H.L.: Given my current maturity, I may not be qualified to give any deep comment about these subjects. However, the impression I have is that many topics in analysis and abstract algebra often resort to the study of linear algebra. Just to name a few, the concept of duality is one of the principal elements in the study of module theory, which is itself a generalized study of vector space over a field. In functional analysis, which is roughly speaking the study of infinite-dimensional vector spaces equipped with topological or metric structure, whose fundamental elements also include the Riesz representation theorems and dual of Hilbert and Banach spaces. In PDE, the solvability of second-order elliptic equations is firstly established by the existence of weak solutions, which turned out to be a consequence of what is known as the Fredholm alternative given the condition of a compact linear operator involved in the partial equation. There are also other topics in algebraic analysis where application of matrix theory is ubiquitous.

4) Which area is your favourite?
H.L.: Thus far, I am mostly interested in measure theory, functional analysis, and PDE.

5) What’s you plan after college?
H.L.: I recently applied to several Ph.D. programs. I wish to pursue graduate study primarily in the area of mathematical analysis.

6) Have you ever considered working as opposed to grad school?
H.L.: I have wanted to pursue an academic career since I was in high school. However, if things do not turn out well, I am open to opportunities in math-related industries.

7) Did your math research experience affect your perspective? If so, in what way?
H.L.: My participation in summer 2017 REU at Cornell University, and in directed reading courses at Berkeley definitely helped form my perspective on mathematical research. Prior to these experiences, I did not know what a life of a researcher would entail. It was not just about learning and being exposed to a vast amount of materials relevant to the research project, but also about honing my communication skills. By frequently discussing problems and concepts that I struggled to understand with other group members, I learned how to organize and present mathematical ideas in such a way that not only my partners, but also participants working on other projects, can understand. As a result, I received intuitive feedback, which helped me form fresh insights into difficult problems. Additionally, I find it very helpful and motivating to attend graduate seminars organized by faculty members as well as graduate students at Berkeley, even though my comprehension of the presented materials may not be adequate and may even be, a lot of times, absent. However, these seminars provide intuitions in terms of how materials I learned in graduate courses are used and developed. Thereby, they portrait a clearer picture of what the disciplines look like at the forefront and how important it is to communicate with other mathematicians about new ideas on unsolved problems.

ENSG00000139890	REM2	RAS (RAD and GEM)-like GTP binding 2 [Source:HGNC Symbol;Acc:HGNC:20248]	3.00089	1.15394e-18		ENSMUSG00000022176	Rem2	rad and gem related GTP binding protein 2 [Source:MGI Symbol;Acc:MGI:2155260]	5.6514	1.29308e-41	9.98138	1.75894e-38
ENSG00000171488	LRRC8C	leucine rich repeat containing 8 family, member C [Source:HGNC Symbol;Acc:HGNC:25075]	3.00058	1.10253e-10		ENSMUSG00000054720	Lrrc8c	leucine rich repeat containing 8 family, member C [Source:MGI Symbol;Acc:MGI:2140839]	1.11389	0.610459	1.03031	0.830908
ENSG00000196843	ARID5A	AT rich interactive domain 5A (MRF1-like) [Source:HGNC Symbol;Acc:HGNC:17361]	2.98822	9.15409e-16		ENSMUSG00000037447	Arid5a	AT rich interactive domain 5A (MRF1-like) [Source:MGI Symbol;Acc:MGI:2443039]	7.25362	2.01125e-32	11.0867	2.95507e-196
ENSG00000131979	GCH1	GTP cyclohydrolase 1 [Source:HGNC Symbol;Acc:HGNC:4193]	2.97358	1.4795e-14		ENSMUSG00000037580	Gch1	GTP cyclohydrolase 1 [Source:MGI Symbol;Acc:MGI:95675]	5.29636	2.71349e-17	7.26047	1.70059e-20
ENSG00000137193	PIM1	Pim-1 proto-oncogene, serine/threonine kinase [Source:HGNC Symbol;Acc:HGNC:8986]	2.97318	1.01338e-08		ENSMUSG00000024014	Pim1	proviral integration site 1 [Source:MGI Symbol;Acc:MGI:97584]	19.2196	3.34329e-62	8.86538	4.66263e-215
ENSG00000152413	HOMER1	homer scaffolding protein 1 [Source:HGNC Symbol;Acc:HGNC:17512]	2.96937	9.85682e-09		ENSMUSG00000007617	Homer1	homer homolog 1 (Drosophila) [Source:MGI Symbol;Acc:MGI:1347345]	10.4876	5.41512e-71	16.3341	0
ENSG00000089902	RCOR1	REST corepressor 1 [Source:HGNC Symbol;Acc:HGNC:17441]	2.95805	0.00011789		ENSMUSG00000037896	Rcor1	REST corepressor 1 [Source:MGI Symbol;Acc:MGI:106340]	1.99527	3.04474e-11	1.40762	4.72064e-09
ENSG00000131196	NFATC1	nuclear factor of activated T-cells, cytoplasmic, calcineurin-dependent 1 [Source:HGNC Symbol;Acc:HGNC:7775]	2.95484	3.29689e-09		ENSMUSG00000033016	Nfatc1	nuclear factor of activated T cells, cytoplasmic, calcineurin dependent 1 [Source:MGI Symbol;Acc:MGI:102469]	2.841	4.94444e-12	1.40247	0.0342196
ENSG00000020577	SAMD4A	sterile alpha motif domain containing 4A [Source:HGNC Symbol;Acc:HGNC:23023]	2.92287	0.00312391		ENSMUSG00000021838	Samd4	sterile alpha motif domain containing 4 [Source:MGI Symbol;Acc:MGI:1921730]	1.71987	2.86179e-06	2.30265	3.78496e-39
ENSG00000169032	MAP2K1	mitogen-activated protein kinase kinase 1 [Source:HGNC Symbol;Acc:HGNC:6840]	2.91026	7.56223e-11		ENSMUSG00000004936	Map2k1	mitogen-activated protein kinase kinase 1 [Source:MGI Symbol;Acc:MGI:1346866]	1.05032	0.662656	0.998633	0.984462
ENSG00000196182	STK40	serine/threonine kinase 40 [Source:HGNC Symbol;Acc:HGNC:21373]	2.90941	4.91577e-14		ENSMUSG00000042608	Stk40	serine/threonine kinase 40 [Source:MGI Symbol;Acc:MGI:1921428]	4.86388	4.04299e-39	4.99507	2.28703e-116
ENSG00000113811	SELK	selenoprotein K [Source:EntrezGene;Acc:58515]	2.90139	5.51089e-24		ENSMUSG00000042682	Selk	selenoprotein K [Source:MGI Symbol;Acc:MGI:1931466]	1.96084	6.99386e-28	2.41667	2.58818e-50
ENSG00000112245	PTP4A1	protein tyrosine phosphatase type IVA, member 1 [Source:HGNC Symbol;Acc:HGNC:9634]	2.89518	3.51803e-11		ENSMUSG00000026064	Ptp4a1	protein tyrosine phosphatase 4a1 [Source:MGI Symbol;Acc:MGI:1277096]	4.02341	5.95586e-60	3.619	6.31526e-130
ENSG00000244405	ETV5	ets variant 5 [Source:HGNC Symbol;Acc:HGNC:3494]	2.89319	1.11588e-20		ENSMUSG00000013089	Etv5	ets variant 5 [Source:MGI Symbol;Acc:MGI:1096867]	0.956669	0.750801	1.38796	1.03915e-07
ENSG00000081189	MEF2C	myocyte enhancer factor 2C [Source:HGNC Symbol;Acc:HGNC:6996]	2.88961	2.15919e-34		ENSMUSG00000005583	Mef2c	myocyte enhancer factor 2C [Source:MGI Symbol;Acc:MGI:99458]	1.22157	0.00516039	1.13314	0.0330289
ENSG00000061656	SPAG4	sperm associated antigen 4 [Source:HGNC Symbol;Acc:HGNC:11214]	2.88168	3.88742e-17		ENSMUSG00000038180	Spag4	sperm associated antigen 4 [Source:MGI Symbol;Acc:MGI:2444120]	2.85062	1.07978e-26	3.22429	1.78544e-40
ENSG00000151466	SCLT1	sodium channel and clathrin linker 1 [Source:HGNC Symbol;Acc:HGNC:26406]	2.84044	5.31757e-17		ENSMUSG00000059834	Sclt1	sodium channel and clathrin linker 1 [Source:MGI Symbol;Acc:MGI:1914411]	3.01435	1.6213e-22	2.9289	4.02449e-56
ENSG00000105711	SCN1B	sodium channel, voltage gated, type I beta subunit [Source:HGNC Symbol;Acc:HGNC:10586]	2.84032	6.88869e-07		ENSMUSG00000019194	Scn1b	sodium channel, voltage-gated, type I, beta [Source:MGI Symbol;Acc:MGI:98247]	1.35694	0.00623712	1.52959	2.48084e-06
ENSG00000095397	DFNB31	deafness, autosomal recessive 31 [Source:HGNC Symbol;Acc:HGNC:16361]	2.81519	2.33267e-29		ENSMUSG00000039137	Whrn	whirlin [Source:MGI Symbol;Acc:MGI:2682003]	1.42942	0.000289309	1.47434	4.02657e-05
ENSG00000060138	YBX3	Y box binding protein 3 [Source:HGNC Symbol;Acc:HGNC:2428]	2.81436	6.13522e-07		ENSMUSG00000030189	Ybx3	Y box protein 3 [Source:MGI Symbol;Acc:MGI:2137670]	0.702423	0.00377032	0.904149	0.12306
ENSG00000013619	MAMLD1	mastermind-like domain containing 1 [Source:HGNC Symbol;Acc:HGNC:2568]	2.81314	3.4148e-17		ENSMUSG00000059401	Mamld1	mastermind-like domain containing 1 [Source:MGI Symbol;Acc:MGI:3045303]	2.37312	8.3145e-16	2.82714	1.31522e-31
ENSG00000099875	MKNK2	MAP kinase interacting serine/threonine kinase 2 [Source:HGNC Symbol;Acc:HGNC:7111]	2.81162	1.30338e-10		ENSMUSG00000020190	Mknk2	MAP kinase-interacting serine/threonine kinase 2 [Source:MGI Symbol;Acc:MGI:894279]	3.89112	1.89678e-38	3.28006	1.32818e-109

8) Do you mind sharing with us your long-term career goal?
H.L.: Upon obtaining a Ph.D degree, I hope to get a postdoctoral and then a faculty position at some research university to fulfil my dream of teaching and conducting original research in mathematics.

GRE Math Subject Test Preparation Strategies


  • Official guide & official test practice book
  • Format:
    The test consists of one section which is 2 hours and 50 minutes long.
  • When is the test offered?
    In April, October and November each year.
    Note: The test registration deadline for the November one is usually before the time when the result of the October test comes out. So, it may be a good idea to register for both if one is in urgent need of a good score.
  • Nearest Location:
    Berkeley High.
  • Graduate programs that require GRE Math Subject Test score:
    Math & Applied Math.
  • Graduate programs for which a good Math Subject score would be helpful:
    Financial Mathematics, Physics, Statistics, etc..

Test preparation strategies:

  • START EARLY so that you will have enough time to review all the materials, and will be able to take the subject test again (which many people do) if necessary.
  • Start with a diagnostic exam: identify the topics that you are unfamiliar with, and master them.
  • Review ALL the concepts mentioned in the official guide, and relevant problem-solving techniques.
  • Practice a lot, practice often.
  • Mock exams: do the full length past exams under TIMED conditions, at a place where you are unlikely to be disturbed. (Speed matters!)
  • When practicing, mark the questions that you can’t solve even if you manage to guess the correct answer.

Test prep books:

  • Princeton Review: fairly exhaustive, but contains typos and errors.
  • Research & Education Association (REA): covers more topics than the actual test does, contains 6 practice exams, and is great for those who have a good score already but want an even better one.

Where to find past exams:

  • Google keywords like “old gre practice”, and the following forms shall be available online: Form 0568, 1268, 8767, 9367, and 9768.
    Note: If a URL is no longer valid, use the Wayback Machine to retrieve it.
  • Some are available at: (This webpage has some other information on test preparation as well.)
  • ETS has one past exam available on its website.

What if I don’t know about a certain topic yet?

  • Take a relevant course.
  • Learn the basics by reading a textbook and doing the exercises. (Here is a book-list for reference; you may search the topic in the second column.)

Other resources:

We [Lilian and Rose] are more than willing to share our Subject Test experience, and help you with your test preparation, so please come by our advising hours! Besides, I [Rose] have written up some test preparation notes for my own sake, and will gladly share them on an individual basis.